Can exercise be bad for your teeth?

Endurance runners may be jogging their way to a worse smile. When you exercise you begin to see change in saliva production dropping. This means that your mouth becomes drier, explains the New York Times and it happens even if you are consuming liquids.

Although running has fantastic health benefits it can be damaging to the teeth. A study published in The Scandinavian Journal of Medicine & Science in Sports, found that there is a higher rate of tooth decay in triathletes than in non-athletes.
The study involved 35 experienced triathletes and 35 participants who did not exercise regularly. The multi-sport athletes trained almost 10 hours a week with a mix of cycling, swimming and running. They were examined for cavities and tooth erosion and also took a saliva test both at rest and while exercising.
Based on a questionnaire, 46 percent of athletes reported consuming sports drinks while training and 51 percent drank water. Seventy-four percent ate gels or bars.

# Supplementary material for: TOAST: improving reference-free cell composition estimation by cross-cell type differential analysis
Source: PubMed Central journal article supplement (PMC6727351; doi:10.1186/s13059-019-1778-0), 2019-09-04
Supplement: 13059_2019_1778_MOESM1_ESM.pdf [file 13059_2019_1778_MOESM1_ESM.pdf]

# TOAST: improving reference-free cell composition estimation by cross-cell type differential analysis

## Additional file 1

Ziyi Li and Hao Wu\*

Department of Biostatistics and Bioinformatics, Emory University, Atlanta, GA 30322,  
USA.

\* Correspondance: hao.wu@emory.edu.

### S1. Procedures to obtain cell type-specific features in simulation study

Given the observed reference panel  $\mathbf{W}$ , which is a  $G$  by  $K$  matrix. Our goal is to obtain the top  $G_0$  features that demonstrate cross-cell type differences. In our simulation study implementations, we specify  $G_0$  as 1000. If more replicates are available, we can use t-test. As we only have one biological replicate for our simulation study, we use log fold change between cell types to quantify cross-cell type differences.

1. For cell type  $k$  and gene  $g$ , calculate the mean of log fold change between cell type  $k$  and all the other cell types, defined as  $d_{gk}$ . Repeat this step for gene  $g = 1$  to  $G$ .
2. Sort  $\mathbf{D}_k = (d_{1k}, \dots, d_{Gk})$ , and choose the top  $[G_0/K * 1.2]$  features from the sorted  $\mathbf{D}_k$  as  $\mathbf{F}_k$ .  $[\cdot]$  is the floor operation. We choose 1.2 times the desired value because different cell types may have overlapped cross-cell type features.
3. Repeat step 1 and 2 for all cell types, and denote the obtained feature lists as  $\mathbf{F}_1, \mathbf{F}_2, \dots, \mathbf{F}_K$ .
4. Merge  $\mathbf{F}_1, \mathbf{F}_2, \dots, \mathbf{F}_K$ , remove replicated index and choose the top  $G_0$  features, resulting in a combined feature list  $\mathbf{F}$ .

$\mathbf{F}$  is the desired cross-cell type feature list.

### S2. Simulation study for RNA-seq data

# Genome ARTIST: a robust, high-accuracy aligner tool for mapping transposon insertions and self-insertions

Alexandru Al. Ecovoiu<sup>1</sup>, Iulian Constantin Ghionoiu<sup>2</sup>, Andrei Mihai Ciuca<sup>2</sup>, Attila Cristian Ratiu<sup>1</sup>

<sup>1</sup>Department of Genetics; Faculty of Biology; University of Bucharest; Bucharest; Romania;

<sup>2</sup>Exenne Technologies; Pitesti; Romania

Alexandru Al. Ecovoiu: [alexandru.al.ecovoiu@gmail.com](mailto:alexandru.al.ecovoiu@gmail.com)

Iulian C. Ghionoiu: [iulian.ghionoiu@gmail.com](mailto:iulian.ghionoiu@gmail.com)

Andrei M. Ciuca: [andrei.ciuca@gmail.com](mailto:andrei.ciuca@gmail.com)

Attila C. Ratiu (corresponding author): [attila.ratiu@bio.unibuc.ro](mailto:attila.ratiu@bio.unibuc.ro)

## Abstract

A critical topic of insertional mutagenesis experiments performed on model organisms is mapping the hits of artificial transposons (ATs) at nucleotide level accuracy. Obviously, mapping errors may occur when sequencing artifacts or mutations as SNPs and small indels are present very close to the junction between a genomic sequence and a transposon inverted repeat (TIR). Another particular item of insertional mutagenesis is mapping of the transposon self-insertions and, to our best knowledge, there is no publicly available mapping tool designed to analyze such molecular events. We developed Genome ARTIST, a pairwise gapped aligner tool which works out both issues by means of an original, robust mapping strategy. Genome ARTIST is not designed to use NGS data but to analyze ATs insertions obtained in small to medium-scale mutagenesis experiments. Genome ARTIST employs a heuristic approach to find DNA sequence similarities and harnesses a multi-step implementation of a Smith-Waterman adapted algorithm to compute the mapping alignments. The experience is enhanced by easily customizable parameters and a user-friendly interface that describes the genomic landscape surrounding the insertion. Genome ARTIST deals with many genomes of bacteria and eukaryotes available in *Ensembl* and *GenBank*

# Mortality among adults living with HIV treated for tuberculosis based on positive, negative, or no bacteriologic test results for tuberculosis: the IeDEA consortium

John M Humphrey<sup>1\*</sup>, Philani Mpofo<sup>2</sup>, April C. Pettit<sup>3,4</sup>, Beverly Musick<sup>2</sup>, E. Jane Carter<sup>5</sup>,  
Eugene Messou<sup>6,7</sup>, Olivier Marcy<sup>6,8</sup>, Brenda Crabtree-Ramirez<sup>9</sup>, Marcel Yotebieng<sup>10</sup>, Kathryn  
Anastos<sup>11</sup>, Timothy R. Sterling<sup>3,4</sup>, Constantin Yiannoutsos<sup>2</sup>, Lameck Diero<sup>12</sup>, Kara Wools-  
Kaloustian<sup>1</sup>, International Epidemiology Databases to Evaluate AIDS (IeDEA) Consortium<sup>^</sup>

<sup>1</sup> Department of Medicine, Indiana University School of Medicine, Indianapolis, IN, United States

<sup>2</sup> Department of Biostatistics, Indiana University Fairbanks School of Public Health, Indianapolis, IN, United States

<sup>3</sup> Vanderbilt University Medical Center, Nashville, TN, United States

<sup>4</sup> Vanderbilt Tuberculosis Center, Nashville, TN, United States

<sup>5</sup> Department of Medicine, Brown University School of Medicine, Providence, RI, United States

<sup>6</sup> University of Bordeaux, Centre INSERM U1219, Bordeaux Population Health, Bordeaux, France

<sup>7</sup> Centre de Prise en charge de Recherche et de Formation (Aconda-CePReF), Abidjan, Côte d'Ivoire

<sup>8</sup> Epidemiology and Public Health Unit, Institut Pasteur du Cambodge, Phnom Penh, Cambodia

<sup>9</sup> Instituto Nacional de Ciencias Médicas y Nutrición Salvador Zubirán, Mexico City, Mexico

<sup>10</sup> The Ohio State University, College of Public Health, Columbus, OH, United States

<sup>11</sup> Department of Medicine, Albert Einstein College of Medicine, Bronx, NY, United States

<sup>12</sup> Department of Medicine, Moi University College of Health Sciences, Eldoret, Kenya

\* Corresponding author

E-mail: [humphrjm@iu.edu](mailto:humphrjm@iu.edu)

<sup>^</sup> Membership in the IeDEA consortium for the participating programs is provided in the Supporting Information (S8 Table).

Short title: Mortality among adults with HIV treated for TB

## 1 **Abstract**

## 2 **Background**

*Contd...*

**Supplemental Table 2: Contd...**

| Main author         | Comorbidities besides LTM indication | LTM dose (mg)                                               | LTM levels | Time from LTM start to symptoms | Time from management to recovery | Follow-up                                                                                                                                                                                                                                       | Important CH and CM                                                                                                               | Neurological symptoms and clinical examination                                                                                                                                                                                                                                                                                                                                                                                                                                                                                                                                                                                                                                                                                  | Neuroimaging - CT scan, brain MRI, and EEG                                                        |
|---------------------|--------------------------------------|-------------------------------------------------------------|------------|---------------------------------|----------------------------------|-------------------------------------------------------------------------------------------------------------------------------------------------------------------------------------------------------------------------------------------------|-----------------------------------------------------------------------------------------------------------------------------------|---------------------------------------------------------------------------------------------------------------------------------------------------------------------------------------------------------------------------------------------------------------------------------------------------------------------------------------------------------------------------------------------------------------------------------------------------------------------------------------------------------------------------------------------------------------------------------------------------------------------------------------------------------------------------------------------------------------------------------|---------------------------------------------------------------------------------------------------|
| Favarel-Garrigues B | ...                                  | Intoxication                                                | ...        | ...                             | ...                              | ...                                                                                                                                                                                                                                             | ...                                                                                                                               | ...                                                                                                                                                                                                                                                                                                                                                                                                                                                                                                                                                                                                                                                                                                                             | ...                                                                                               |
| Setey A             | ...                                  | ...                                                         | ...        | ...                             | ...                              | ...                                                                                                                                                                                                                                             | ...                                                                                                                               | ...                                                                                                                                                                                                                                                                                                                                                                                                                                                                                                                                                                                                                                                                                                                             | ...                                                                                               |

Compared to the control group, athletes who trained regularly had the most cavities. Consuming sports drinks, gels and bars during training, can lower the mouths PH below the critical mar of 5.5. 

Dr Susan Tanner adds that this is can lead to dental erosion and caries. The athletes breathe through the mouth during hard exercise. The mouth gets dry, and produces less salvia which normally protects the teeth.
Salvia acts as the mouth’s natural cleansing agent by breaking down food particles and rinsing out the mouth. 

Solutions?
Drink plenty of water even after consuming sports drinks as they contain high amounts of sugar- to neutralise the mouth’s PH levels. Also consider brushing your teeth or rinsing with an alcohol- free mouthwash.